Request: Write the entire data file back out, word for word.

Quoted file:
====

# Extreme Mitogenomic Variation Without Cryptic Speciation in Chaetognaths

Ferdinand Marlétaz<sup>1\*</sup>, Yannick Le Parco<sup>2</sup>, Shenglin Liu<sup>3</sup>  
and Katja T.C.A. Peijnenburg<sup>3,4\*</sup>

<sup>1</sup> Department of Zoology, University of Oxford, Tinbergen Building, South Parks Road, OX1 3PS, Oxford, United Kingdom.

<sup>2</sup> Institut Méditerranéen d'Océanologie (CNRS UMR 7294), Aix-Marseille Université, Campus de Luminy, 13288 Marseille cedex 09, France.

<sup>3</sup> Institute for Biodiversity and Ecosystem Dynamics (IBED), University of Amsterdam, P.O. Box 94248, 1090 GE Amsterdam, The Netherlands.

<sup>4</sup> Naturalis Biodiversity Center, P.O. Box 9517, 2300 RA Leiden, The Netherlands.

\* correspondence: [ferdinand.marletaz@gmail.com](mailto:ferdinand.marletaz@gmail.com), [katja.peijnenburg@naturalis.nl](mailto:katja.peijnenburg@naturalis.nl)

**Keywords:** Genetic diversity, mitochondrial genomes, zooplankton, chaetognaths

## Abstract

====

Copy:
# Extreme Mitogenomic Variation Without Cryptic Speciation in Chaetognaths

Ferdinand Marlétaz<sup>1\*</sup>, Yannick Le Parco<sup>2</sup>, Shenglin Liu<sup>3</sup>  
and Katja T.C.A. Peijnenburg<sup>3,4\*</sup>

<sup>1</sup> Department of Zoology, University of Oxford, Tinbergen Building, South Parks Road, OX1 3PS, Oxford, United Kingdom.

<sup>2</sup> Institut Méditerranéen d'Océanologie (CNRS UMR 7294), Aix-Marseille Université, Campus de Luminy, 13288 Marseille cedex 09, France.

<sup>3</sup> Institute for Biodiversity and Ecosystem Dynamics (IBED), University of Amsterdam, P.O. Box 94248, 1090 GE Amsterdam, The Netherlands.

<sup>4</sup> Naturalis Biodiversity Center, P.O. Box 9517, 2300 RA Leiden, The Netherlands.

\* correspondence: [ferdinand.marletaz@gmail.com](mailto:ferdinand.marletaz@gmail.com), [katja.peijnenburg@naturalis.nl](mailto:katja.peijnenburg@naturalis.nl)

**Keywords:** Genetic diversity, mitochondrial genomes, zooplankton, chaetognaths

## Abstract